In this economic climate, it may surprise some to hear that the State recently announced that additional monies were awarded as part of the 2011 "EmPOWER Clean Energy Communities" grant program. While previously the MEA stated that $1.4 million in EmPOWER Clean Energy Community Grant funds would be available for fiscal year 2011, Governor O'Malley announced on December 1st that a total of $2 million in grant money was awarded.
Specifically, forty-one grants were awarded to organizations that serve Maryland's low-to-moderate income households. These grants are expected to assist 1,400 Maryland residents with energy and financial savings.
Funded by the Strategic Energy Investment Fund (SEIF), the grants are being administered by the Maryland Energy Administration (MEA). The SEIF funds are available via proceeds from the Regional Greenhouse Gas Initiative (RGGI), the nation's first multi-state collaborative carbon cap-and-trade program.
Each Maryland county and Baltimore City was allocated grant funds based on the number of low-to-moderate income households therein. Prince George's County received the highest allocation, followed by a three way tie between Baltimore City, Baltimore County and Montgomery County. A large amount of counties tied for the lowest allocations, including counties on the Eastern Shore and Garrett County.
As to the award recipients, the Baltimore City Department of General Services received a $100,000 grant for the installation of energy efficient furnaces in homes undergoing weatherization. In Baltimore County, Diversified Housing Development received $193,000 for the audit and weatherization of homes. Civic Works, Inc. was awarded two grants, both for energy audits and energy efficiency overhauls, the first being a $100,000 grant for homes in Baltimore County and the second being a $150,000 grant for homes in Baltimore City. The largest single grant of $216,000 went to United Communities Against Poverty for the weatherization of homes in Prince George's County. The smallest grant of $6,000 went to Prosperity Pail Ministry Works, Inc. to provide hot water tank upgrades to residents of Garrett County.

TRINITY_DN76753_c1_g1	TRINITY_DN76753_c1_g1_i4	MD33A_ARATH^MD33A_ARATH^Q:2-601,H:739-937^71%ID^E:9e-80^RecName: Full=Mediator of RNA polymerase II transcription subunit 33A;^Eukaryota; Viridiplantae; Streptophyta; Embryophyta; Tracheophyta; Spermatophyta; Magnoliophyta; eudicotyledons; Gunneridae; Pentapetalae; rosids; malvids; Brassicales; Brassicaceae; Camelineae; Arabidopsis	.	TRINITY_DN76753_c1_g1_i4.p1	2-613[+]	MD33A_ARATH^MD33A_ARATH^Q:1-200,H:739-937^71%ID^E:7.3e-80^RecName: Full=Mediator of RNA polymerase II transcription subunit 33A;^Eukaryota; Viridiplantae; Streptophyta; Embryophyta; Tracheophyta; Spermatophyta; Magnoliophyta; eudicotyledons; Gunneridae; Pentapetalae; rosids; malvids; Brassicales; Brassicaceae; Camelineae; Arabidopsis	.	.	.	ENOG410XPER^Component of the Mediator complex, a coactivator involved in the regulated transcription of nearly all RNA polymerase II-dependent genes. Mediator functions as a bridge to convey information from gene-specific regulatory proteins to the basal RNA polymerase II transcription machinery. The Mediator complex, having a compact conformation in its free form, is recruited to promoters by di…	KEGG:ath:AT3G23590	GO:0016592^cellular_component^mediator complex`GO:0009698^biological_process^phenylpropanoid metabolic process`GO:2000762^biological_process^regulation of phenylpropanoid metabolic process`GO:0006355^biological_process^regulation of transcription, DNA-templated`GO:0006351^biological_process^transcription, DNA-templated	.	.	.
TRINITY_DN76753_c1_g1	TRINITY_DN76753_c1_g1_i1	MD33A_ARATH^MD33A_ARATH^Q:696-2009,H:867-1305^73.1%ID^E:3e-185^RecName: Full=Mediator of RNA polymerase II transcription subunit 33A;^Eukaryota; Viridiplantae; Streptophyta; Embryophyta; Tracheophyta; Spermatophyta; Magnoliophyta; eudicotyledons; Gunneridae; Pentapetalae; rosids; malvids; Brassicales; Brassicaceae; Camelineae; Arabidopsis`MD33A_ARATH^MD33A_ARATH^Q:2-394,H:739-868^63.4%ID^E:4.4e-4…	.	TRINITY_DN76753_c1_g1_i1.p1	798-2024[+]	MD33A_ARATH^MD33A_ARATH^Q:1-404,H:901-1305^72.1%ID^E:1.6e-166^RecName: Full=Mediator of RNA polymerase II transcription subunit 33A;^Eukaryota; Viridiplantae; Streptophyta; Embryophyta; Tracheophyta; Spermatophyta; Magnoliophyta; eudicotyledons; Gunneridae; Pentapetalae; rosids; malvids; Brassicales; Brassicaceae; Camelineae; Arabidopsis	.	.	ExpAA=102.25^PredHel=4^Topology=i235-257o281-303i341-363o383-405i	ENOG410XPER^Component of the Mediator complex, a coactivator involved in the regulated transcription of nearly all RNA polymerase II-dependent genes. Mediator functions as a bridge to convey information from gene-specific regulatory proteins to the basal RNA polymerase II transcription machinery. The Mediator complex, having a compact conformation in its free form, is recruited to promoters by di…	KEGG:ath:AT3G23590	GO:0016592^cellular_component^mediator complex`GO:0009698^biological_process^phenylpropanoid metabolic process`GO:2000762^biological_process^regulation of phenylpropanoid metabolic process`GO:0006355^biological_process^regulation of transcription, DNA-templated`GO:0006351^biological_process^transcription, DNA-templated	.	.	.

The grant funds must be used primarily for the purchase and installation of energy efficient equipment, as only a limited amount of funds can be used to pay for technical assessments, licenses, training and consumer education related to energy efficiency. Significant restrictions apply. For example, the money can only be used to fund the incremental costs of upgrading to a higher level of efficiency equipment. Additionally, spending caps apply per home energy retrofit, and elements of the Home Performance with ENERGY STAR are required. Unfortunately, the use of renewable energy technologies do not qualify for the grant funds, and all of the grant funds will be distributed through a reimbursement process.
The EmPOWER Clean Energy Communities' initiative was previously noted to include a 15% reduction in electricity usage and peak demand, on a per capita basis, by 2015. More recently, however, the goal was noted as a 15% reduction in energy consumption by 2025.